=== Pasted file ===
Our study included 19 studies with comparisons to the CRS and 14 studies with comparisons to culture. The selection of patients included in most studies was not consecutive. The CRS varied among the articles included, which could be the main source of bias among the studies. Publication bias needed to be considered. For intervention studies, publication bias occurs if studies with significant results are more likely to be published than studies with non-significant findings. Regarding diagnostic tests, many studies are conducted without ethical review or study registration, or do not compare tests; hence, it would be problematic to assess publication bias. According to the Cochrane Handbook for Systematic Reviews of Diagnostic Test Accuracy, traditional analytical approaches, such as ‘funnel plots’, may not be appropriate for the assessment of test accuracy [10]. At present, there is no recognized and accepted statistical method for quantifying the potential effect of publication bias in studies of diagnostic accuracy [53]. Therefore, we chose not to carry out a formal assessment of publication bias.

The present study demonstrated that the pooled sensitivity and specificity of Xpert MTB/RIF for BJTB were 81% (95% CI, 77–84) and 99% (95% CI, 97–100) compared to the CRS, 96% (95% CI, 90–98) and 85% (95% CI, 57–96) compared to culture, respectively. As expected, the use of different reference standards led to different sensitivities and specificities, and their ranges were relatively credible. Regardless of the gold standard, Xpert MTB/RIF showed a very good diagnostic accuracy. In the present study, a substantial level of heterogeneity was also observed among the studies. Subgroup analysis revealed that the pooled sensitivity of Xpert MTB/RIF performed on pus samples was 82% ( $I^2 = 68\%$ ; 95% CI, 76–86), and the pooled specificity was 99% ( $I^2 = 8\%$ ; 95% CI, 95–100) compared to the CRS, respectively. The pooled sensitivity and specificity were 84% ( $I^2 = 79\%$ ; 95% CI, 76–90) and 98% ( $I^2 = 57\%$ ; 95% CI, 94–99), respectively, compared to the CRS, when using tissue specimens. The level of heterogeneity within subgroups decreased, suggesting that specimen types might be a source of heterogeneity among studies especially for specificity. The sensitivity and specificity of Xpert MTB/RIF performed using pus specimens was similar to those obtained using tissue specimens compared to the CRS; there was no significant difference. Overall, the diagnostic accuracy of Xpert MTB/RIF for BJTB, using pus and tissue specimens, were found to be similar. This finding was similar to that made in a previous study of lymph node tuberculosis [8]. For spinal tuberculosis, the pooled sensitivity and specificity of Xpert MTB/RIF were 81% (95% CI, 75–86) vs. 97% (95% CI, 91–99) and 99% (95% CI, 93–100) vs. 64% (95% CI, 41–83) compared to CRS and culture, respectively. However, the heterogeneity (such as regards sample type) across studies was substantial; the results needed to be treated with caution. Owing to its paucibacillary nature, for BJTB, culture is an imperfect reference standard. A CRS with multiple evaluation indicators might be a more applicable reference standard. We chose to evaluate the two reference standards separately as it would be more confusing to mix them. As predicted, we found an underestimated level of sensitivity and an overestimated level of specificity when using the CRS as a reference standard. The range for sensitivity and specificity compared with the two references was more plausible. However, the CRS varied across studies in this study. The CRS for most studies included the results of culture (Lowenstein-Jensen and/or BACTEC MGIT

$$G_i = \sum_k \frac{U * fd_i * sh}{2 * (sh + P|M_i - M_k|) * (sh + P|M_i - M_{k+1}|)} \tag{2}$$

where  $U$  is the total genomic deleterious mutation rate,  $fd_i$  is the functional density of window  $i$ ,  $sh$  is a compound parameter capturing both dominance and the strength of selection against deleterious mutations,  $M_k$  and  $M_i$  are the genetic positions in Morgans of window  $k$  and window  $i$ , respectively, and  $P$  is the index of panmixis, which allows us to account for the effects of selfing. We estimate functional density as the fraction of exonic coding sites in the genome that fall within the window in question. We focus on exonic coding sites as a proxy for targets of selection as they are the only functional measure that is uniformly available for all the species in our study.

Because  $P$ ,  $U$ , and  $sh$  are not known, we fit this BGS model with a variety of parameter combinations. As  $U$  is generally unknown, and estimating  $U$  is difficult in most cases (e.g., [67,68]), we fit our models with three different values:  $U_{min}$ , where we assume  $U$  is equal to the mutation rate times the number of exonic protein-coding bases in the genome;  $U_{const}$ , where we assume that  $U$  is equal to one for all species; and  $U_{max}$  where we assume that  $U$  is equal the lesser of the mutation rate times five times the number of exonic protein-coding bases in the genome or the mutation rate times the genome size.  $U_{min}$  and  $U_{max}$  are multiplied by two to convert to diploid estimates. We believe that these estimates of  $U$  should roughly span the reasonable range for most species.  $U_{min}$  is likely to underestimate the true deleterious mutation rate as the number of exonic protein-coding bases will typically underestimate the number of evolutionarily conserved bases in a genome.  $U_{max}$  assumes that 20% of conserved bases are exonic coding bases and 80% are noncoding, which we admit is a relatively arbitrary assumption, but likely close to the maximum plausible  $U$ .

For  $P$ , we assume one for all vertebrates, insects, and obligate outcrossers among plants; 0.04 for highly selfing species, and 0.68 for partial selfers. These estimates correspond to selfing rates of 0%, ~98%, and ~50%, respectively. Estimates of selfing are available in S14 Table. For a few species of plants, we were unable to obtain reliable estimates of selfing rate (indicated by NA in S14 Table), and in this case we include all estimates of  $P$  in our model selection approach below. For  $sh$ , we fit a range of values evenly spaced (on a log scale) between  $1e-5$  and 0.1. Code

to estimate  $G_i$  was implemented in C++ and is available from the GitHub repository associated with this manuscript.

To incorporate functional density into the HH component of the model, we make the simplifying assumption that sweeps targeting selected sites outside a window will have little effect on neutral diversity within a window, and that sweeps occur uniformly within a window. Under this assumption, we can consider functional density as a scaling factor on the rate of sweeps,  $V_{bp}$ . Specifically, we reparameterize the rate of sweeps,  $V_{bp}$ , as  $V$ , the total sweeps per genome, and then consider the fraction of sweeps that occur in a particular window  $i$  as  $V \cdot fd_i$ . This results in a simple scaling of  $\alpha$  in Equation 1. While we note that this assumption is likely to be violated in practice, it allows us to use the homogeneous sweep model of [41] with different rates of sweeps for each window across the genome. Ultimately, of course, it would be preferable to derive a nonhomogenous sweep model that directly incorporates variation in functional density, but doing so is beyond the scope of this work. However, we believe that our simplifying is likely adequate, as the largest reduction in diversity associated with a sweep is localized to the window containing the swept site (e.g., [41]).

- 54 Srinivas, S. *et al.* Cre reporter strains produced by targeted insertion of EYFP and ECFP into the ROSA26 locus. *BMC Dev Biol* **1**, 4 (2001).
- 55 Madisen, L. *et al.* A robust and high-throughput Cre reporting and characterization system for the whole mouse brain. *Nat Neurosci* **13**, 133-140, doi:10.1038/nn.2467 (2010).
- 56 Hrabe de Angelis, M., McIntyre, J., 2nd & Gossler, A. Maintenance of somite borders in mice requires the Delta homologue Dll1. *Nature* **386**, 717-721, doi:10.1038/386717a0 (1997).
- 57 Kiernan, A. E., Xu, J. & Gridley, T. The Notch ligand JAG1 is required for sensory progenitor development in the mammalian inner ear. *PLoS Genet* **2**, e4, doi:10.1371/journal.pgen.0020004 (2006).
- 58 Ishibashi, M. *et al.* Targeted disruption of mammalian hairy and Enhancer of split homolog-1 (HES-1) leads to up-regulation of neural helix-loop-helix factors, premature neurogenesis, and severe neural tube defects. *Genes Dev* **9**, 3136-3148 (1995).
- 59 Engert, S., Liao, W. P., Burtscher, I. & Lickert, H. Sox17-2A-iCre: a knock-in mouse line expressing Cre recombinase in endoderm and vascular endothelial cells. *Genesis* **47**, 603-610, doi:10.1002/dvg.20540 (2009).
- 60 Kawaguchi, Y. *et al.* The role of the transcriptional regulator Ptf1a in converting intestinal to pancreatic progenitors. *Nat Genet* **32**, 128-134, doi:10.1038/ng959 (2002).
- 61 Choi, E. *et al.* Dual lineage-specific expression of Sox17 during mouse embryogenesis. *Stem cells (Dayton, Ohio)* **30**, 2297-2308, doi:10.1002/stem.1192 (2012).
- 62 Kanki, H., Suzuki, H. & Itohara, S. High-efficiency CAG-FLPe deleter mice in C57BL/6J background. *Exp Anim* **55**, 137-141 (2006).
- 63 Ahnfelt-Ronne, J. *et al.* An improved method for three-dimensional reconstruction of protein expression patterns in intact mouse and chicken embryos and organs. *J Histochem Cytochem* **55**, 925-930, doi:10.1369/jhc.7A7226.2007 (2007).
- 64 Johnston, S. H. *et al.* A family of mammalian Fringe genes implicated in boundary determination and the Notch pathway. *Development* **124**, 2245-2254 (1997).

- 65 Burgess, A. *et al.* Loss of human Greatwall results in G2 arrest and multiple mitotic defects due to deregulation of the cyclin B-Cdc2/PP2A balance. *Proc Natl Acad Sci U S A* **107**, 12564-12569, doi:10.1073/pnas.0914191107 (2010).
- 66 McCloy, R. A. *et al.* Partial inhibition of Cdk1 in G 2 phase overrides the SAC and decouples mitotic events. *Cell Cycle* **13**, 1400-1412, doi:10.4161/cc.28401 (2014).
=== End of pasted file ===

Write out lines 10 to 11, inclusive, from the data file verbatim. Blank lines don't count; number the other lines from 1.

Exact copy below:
- 55 Madisen, L. *et al.* A robust and high-throughput Cre reporting and characterization system for the whole mouse brain. *Nat Neurosci* **13**, 133-140, doi:10.1038/nn.2467 (2010).
- 56 Hrabe de Angelis, M., McIntyre, J., 2nd & Gossler, A. Maintenance of somite borders in mice requires the Delta homologue Dll1. *Nature* **386**, 717-721, doi:10.1038/386717a0 (1997).